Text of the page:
Eritrea: Another view

This is the third installation in a series following a conference in Brussels that focused on the human rights situation in Eritrea and the Horn of Africa. The original article by Nicolaj Nielsen generated considerable interest. That was followed by a question-and-answer with the Eritrean ambassador to explain why he didn’t attend the conference (click here to read the previous two installments).

Here, Derek Blyth talks to Mirjam van Reisen, director of Europe External Policy Advisors (EEPA), who organised the conference.

Derek Blyth: You recently organized a conference on human rights in Eritrea and the Horn of Africa. What was the aim?
Mirjam van Reisen: We wanted to bring together officials from different governments, political groupings, organisations and ethnic groups to look at the human rights situation in the Horn of Africa.

In an interview with The Bulletin, the Eritrean ambassador told us that he did not attend the conference because you had compromised your neutrality by supporting individuals and organisations that are supported by the Ethiopian regime.
That is not so. We did not invite organisations supported by the Ethiopian government and those that use violence for political end or to resolve a political conflict. We were looking to involve organisations that were working for an improvement in the situation through dialogue.

So the conference was balanced?
We are just a broker for dialogue. We had ambassadors from the African Union, Djibouti, Sudan and Ethiopia. The Ethiopian ambassador in particular was put on the spot with some serious questions. He faced a grilling on why the Ethiopian government had failed to respect the terms of the border commission [settling the border dispute between Ethiopia and Eritrea].

The ambassador claimed that there are hundreds of NGOs that hold meetings in Brussels and that he couldn’t attend every one.
Our organisation is among a few organisations here to break the silence on this issue. There certainly aren’t lots of meetings with Eritrea on the agenda, though there are others who have done great work, such as Reporters without Borders and Human Rights Watch.

So were you disappointed when the ambassador didn’t turn up?
I was disappointed, because the situation for the people of Eritrea is unbearable. We had hoped that the ambassador would be able to play a part in the dialogue, which is aimed at benefitting all of the Eritrean people. We would have welcomed him and respected his views.

The ambassador was accused at the conference of promising safe passage to Aster Yohannes, who was nevertheless arrested on her arrival in Eritrea. But the ambassador told me that he couldn’t guarantee safe passage to anyone and the accusation was a fabrication.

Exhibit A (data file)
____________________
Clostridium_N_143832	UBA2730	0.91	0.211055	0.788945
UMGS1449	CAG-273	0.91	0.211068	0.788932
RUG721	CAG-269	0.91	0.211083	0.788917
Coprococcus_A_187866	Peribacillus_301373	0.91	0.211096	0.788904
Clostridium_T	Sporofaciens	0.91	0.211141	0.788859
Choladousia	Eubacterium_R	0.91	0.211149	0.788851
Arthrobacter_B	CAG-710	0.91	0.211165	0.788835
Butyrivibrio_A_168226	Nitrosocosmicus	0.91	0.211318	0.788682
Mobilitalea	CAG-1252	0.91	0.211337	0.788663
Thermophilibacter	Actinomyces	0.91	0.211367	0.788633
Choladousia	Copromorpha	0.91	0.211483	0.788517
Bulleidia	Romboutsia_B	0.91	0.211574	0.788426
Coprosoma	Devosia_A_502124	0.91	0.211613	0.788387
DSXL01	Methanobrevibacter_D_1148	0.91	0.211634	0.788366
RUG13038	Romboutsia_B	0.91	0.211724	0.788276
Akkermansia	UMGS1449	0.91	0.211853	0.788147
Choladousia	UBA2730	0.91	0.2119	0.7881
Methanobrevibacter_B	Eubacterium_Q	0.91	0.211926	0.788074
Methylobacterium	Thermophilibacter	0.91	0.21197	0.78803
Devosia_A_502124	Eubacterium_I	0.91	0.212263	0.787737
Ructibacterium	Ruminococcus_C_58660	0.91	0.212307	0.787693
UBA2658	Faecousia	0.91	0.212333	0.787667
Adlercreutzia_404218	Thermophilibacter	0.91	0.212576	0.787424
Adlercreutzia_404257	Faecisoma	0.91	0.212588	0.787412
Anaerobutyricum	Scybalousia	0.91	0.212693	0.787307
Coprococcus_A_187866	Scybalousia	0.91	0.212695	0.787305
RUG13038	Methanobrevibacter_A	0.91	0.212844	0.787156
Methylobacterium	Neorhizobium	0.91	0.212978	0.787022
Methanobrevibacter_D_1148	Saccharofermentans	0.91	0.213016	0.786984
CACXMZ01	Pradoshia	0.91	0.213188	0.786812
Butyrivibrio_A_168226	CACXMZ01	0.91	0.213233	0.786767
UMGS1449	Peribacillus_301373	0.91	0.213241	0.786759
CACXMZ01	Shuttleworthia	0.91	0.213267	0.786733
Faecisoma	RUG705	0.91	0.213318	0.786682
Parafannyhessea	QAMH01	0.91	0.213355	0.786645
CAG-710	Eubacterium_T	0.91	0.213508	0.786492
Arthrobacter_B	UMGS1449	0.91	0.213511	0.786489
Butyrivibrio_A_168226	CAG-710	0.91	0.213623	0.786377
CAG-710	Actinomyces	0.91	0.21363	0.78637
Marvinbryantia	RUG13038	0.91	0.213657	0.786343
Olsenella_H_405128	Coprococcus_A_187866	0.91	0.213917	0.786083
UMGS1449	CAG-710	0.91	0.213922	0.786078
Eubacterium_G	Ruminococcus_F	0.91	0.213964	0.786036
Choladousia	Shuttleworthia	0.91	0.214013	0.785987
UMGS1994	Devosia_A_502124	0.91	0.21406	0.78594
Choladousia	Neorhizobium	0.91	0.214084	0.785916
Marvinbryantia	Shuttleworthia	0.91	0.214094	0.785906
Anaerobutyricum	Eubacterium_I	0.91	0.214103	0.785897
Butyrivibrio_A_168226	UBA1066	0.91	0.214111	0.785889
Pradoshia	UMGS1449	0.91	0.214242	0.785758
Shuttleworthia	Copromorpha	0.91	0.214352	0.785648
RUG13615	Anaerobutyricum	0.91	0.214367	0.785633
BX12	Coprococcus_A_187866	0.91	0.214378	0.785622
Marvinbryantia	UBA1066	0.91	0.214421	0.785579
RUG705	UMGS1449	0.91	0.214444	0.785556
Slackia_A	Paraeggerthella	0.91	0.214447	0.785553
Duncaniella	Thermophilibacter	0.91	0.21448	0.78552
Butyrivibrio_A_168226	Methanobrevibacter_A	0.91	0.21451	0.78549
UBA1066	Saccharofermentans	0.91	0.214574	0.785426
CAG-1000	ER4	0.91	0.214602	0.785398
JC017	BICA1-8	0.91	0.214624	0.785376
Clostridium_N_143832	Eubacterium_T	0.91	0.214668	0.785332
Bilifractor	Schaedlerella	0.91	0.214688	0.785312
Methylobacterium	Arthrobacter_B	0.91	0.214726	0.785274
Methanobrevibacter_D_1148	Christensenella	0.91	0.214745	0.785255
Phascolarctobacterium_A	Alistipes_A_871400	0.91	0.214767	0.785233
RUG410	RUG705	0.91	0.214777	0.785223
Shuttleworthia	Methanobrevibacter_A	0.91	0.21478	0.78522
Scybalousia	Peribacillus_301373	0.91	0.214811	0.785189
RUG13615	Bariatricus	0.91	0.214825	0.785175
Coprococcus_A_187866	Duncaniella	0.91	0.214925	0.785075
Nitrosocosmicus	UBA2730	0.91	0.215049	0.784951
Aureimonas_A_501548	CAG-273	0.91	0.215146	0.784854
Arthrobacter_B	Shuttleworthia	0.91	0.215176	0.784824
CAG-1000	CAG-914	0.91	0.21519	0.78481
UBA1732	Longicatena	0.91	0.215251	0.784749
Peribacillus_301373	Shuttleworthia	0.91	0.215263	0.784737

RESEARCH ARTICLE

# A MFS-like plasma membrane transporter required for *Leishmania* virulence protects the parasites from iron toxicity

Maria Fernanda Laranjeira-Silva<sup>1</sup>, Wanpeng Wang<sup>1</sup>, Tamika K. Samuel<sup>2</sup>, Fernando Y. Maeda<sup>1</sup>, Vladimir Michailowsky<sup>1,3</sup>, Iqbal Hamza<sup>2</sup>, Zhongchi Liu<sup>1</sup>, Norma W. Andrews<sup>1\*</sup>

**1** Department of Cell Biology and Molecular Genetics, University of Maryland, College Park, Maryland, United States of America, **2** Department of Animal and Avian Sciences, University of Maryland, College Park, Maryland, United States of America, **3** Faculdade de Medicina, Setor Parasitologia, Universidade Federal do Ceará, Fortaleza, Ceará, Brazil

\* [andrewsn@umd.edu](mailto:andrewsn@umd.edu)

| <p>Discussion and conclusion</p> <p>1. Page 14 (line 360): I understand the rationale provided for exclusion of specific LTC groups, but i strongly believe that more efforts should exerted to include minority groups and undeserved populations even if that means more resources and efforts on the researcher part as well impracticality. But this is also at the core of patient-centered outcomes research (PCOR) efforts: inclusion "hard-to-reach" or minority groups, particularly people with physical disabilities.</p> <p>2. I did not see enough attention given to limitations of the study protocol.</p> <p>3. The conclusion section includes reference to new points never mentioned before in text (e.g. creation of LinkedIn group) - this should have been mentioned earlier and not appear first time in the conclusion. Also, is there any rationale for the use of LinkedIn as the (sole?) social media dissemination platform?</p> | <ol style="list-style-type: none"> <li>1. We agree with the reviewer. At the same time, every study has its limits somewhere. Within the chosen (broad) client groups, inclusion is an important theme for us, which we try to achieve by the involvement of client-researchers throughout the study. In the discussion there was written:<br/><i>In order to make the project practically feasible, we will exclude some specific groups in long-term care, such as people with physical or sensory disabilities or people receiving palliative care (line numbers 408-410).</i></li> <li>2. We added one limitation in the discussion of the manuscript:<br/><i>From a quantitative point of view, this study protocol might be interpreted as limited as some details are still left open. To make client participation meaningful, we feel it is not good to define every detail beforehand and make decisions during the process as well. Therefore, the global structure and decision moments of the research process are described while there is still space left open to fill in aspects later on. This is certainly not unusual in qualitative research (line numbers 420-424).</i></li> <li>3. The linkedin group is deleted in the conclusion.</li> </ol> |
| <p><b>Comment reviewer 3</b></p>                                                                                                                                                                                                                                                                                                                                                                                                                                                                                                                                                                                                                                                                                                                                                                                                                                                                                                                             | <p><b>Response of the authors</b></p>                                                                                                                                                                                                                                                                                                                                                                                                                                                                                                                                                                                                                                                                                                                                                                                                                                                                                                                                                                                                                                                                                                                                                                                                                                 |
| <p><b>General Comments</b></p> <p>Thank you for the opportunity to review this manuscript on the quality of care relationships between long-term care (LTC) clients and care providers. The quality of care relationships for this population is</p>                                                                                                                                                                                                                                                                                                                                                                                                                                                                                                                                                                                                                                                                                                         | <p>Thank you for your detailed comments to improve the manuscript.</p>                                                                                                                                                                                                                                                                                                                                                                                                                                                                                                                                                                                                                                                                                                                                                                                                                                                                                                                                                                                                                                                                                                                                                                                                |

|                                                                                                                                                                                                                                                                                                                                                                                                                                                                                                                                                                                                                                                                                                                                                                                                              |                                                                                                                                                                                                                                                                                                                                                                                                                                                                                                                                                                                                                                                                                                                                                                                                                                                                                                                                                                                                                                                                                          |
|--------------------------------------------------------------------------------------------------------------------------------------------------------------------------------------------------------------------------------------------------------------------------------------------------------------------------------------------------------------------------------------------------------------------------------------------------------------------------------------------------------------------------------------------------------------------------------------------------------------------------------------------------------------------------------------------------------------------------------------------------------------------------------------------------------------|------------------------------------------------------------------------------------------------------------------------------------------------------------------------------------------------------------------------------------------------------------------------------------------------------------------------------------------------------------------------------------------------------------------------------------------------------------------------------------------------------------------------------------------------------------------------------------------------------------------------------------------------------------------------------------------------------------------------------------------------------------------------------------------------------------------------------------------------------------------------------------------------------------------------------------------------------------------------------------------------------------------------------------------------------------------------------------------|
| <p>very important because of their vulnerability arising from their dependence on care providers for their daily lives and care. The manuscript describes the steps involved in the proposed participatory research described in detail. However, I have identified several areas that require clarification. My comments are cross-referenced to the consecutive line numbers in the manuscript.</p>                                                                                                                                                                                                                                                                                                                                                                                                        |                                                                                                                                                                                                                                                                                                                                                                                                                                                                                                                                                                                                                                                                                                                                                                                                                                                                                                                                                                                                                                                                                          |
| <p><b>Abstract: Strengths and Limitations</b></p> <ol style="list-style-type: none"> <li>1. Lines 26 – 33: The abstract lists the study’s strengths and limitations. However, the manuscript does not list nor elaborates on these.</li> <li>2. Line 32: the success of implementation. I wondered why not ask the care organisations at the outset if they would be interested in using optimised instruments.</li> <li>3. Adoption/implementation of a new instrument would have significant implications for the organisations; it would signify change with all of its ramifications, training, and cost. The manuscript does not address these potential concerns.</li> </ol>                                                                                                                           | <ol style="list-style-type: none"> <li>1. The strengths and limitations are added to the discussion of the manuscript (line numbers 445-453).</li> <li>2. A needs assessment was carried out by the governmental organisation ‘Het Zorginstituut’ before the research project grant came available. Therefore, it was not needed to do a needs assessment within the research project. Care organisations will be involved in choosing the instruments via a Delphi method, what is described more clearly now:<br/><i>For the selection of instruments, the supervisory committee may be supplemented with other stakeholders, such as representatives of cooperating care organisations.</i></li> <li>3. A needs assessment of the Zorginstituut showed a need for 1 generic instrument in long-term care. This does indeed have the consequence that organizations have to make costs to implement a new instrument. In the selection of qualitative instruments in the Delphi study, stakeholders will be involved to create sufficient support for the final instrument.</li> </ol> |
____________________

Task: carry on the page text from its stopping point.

He was approached by a US congressman, Ed Royce, who gave a message to the conference. We have understood from the Congressman that Ambassador Girma Asmerom (then representing his country in the US) had reassured him personally that Aster could safely return home to look after her four small children after her husband had been arrested. Nevertheless she was arrested on arrival.

Your organisation claims that there is forced labour in Eritrea, but the ambassador claims that this is merely national service. Who is right?
It’s true that there is military service which is a response to the threat to their border. But this involves every man and woman between the age of 18 and 50. And it is indefinite. No one who has joined the military since the late 1990s has been allowed to leave. There are stories that they are being put to work on public works, including possibly projects that are funded by EU aid, although this can’t be verified.

The ambassador told me that Eritrea was a model country that should be praised rather than condemned. Would you agree?
Look at the number of people who are fleeing from Eritrea, even though they risk being shot at the border. Eritrea is a small country, yet the second-biggest group of asylum-seekers worldwide comes from Eritrea. They are fleeing to Ethiopia and South Sudan, which gives you an idea of the hardship they must be in. The leadership should ask itself if it wants to be in power in a country where everyone wants to leave.

So what is the solution in your opinion?
We believe that diplomacy has to be an important part of the solution. We need to keep talking to resolve the border issue. But we can’t do that if ambassadors don’t play a role in the dialogue.

Can you see a brighter future for Eritrea?
Yes. The situation is similar to East Germany before the Berlin Wall came down. I can clearly remember when that happened. Change can happen very quickly. It can be a complete surprise.

The UN Security Council voted last December to impose sanctions on Eritrea and block the supply of weapons.

Source: The Bulletin Monthly

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Posted by on Jan 9 2010 Filed under News. You can follow any responses to this entry through the RSS 2.0. You can leave a response or trackback to this entry

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